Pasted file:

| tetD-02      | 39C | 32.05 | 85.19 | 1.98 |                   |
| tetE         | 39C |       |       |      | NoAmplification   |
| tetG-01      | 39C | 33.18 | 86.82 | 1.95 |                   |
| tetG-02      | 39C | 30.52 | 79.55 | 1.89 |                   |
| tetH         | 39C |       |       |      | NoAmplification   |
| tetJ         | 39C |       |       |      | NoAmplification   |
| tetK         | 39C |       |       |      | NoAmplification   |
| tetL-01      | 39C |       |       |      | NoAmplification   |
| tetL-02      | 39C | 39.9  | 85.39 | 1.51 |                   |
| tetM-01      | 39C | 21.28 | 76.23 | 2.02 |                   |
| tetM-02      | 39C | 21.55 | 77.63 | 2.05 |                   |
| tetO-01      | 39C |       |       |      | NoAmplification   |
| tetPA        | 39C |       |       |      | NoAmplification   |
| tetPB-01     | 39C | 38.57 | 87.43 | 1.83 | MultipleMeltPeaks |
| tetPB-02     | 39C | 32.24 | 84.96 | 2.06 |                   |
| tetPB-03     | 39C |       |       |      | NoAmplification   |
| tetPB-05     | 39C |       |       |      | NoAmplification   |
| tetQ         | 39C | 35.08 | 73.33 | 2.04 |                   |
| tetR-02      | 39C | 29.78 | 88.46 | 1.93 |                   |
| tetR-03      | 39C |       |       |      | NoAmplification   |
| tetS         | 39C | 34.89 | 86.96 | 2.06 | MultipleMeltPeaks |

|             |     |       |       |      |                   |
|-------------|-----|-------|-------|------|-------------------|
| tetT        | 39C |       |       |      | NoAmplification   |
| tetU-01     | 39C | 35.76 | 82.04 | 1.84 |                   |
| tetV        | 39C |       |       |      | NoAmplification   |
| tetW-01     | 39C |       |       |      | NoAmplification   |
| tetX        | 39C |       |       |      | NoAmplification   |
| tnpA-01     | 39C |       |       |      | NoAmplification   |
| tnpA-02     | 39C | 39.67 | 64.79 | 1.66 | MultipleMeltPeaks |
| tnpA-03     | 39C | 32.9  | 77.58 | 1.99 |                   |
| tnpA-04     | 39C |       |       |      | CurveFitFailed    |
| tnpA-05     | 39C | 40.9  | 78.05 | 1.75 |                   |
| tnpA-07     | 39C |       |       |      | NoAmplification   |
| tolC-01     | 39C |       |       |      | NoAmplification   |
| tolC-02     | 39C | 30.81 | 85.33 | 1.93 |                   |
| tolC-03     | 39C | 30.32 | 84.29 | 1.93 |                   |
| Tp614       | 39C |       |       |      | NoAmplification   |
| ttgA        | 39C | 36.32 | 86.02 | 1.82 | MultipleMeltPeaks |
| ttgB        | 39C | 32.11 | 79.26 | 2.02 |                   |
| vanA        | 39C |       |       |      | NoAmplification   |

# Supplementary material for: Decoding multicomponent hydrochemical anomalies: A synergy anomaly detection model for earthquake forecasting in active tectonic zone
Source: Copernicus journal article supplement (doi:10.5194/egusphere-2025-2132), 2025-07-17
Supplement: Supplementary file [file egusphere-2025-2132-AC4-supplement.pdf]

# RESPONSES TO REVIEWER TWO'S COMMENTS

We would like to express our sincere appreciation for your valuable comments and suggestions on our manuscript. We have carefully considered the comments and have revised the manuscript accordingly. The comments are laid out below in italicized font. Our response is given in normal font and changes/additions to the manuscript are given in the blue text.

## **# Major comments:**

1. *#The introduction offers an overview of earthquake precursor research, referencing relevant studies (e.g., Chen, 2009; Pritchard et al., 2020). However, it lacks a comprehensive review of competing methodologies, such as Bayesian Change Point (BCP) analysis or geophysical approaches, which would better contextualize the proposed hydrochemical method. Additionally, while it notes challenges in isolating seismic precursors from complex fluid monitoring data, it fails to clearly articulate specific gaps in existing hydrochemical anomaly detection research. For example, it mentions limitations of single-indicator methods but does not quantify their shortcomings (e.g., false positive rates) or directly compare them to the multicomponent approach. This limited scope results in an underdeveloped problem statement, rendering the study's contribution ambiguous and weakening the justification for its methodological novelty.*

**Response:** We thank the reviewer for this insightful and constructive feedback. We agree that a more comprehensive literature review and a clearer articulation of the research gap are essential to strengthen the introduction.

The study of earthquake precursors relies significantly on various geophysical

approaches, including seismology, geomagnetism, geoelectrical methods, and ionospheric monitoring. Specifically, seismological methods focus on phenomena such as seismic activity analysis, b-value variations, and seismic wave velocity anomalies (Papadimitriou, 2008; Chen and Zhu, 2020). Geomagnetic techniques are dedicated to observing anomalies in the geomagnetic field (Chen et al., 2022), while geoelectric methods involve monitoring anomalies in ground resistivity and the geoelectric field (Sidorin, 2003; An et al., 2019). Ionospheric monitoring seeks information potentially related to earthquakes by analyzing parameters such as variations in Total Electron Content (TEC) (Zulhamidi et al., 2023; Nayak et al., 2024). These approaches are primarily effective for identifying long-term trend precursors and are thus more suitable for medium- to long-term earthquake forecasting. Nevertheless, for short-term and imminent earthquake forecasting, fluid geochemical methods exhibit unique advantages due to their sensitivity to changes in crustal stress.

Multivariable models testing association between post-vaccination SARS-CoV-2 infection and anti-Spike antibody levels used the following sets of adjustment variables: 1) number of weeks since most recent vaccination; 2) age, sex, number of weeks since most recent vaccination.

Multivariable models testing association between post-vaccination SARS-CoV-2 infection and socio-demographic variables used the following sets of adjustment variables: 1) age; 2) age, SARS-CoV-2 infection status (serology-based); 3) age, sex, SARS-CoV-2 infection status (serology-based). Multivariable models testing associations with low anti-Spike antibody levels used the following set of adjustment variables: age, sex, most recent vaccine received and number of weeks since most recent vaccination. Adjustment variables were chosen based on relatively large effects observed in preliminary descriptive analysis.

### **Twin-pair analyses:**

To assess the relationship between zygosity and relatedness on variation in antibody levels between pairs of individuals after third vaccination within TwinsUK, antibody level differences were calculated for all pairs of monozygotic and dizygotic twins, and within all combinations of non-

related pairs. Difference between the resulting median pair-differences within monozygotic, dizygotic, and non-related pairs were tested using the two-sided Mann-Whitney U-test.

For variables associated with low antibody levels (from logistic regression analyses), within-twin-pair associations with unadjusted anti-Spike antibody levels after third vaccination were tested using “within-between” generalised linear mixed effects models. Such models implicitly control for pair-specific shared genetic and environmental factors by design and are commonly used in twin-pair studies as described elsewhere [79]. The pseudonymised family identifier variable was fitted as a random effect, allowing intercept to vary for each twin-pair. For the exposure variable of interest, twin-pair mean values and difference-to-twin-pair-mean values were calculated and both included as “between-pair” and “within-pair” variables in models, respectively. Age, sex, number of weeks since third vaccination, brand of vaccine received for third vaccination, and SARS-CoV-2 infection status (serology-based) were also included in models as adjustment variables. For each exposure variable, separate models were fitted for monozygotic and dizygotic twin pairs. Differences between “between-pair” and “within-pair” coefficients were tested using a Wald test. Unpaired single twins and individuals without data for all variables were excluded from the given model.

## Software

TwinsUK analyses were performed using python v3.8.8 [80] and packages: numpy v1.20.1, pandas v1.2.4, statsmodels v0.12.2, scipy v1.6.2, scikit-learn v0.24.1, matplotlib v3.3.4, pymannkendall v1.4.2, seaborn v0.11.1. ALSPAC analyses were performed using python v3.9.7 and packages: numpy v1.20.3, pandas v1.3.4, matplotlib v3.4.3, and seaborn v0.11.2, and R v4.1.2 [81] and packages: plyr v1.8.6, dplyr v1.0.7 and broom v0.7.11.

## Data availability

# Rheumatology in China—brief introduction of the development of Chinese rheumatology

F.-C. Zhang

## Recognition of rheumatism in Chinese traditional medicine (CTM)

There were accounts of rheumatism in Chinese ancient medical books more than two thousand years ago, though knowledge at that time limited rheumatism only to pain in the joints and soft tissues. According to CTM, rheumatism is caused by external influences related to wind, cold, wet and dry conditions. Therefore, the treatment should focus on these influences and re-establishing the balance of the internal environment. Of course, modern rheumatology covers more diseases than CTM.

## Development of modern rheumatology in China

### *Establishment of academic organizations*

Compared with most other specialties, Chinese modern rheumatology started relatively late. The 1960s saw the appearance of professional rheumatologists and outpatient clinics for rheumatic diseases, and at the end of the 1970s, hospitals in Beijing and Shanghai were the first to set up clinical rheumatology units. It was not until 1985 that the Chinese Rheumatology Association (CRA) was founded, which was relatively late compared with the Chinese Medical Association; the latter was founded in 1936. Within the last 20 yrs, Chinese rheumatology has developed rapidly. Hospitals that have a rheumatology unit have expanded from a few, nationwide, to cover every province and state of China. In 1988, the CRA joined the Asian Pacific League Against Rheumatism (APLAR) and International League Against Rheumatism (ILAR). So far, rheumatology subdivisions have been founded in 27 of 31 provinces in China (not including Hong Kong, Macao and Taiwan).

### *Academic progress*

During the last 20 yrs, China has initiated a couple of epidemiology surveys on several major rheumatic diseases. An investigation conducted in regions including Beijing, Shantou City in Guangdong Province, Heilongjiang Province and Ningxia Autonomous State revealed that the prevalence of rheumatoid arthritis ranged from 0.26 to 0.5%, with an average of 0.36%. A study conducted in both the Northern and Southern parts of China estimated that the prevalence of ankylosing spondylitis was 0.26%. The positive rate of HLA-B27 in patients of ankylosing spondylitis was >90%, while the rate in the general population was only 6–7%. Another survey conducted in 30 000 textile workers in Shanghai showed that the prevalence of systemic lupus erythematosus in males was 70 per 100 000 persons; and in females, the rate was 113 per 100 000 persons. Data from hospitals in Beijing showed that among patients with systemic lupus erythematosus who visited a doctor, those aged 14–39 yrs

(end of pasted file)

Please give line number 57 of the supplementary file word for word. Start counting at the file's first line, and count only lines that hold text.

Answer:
For variables associated with low antibody levels (from logistic regression analyses), within-twin-pair associations with unadjusted anti-Spike antibody levels after third vaccination were tested using “within-between” generalised linear mixed effects models. Such models implicitly control for pair-specific shared genetic and environmental factors by design and are commonly used in twin-pair studies as described elsewhere [79]. The pseudonymised family identifier variable was fitted as a random effect, allowing intercept to vary for each twin-pair. For the exposure variable of interest, twin-pair mean values and difference-to-twin-pair-mean values were calculated and both included as “between-pair” and “within-pair” variables in models, respectively. Age, sex, number of weeks since third vaccination, brand of vaccine received for third vaccination, and SARS-CoV-2 infection status (serology-based) were also included in models as adjustment variables. For each exposure variable, separate models were fitted for monozygotic and dizygotic twin pairs. Differences between “between-pair” and “within-pair” coefficients were tested using a Wald test. Unpaired single twins and individuals without data for all variables were excluded from the given model.